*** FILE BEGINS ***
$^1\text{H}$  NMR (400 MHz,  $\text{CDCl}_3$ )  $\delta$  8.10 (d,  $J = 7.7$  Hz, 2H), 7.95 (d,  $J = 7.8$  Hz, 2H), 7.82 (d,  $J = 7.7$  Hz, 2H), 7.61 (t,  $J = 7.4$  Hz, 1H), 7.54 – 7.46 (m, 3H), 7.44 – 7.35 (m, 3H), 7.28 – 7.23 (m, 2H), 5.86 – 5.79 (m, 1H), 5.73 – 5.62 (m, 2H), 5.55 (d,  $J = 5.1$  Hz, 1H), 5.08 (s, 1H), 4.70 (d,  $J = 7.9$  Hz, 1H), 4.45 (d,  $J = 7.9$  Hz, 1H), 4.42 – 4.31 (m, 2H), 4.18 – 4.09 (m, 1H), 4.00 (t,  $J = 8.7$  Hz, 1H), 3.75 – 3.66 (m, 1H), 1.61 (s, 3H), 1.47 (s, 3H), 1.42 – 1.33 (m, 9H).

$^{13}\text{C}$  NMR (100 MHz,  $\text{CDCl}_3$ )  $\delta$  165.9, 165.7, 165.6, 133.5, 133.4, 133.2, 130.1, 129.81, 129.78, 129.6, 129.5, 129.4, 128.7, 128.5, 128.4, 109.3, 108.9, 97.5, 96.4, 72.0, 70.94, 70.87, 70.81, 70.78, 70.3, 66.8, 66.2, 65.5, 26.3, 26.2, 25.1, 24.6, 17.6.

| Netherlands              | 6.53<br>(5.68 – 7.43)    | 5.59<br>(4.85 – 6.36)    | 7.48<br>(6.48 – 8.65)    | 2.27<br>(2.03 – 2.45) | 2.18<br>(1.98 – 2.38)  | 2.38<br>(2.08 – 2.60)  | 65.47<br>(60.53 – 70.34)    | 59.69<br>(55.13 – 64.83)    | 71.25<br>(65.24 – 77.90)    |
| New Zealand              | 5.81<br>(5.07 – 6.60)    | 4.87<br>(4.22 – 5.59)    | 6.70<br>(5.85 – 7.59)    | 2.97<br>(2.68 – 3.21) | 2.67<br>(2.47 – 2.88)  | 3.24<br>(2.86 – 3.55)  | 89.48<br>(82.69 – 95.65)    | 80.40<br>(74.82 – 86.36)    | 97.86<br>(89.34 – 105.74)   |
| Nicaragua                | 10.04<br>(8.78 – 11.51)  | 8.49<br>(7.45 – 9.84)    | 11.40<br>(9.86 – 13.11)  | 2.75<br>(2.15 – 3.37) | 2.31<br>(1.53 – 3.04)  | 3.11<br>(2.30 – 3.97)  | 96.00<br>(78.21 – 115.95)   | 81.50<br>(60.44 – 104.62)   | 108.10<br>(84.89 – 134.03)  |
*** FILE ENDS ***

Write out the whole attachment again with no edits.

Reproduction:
$^1\text{H}$  NMR (400 MHz,  $\text{CDCl}_3$ )  $\delta$  8.10 (d,  $J = 7.7$  Hz, 2H), 7.95 (d,  $J = 7.8$  Hz, 2H), 7.82 (d,  $J = 7.7$  Hz, 2H), 7.61 (t,  $J = 7.4$  Hz, 1H), 7.54 – 7.46 (m, 3H), 7.44 – 7.35 (m, 3H), 7.28 – 7.23 (m, 2H), 5.86 – 5.79 (m, 1H), 5.73 – 5.62 (m, 2H), 5.55 (d,  $J = 5.1$  Hz, 1H), 5.08 (s, 1H), 4.70 (d,  $J = 7.9$  Hz, 1H), 4.45 (d,  $J = 7.9$  Hz, 1H), 4.42 – 4.31 (m, 2H), 4.18 – 4.09 (m, 1H), 4.00 (t,  $J = 8.7$  Hz, 1H), 3.75 – 3.66 (m, 1H), 1.61 (s, 3H), 1.47 (s, 3H), 1.42 – 1.33 (m, 9H).

$^{13}\text{C}$  NMR (100 MHz,  $\text{CDCl}_3$ )  $\delta$  165.9, 165.7, 165.6, 133.5, 133.4, 133.2, 130.1, 129.81, 129.78, 129.6, 129.5, 129.4, 128.7, 128.5, 128.4, 109.3, 108.9, 97.5, 96.4, 72.0, 70.94, 70.87, 70.81, 70.78, 70.3, 66.8, 66.2, 65.5, 26.3, 26.2, 25.1, 24.6, 17.6.

| Netherlands              | 6.53<br>(5.68 – 7.43)    | 5.59<br>(4.85 – 6.36)    | 7.48<br>(6.48 – 8.65)    | 2.27<br>(2.03 – 2.45) | 2.18<br>(1.98 – 2.38)  | 2.38<br>(2.08 – 2.60)  | 65.47<br>(60.53 – 70.34)    | 59.69<br>(55.13 – 64.83)    | 71.25<br>(65.24 – 77.90)    |
| New Zealand              | 5.81<br>(5.07 – 6.60)    | 4.87<br>(4.22 – 5.59)    | 6.70<br>(5.85 – 7.59)    | 2.97<br>(2.68 – 3.21) | 2.67<br>(2.47 – 2.88)  | 3.24<br>(2.86 – 3.55)  | 89.48<br>(82.69 – 95.65)    | 80.40<br>(74.82 – 86.36)    | 97.86<br>(89.34 – 105.74)   |
| Nicaragua                | 10.04<br>(8.78 – 11.51)  | 8.49<br>(7.45 – 9.84)    | 11.40<br>(9.86 – 13.11)  | 2.75<br>(2.15 – 3.37) | 2.31<br>(1.53 – 3.04)  | 3.11<br>(2.30 – 3.97)  | 96.00<br>(78.21 – 115.95)   | 81.50<br>(60.44 – 104.62)   | 108.10<br>(84.89 – 134.03)  |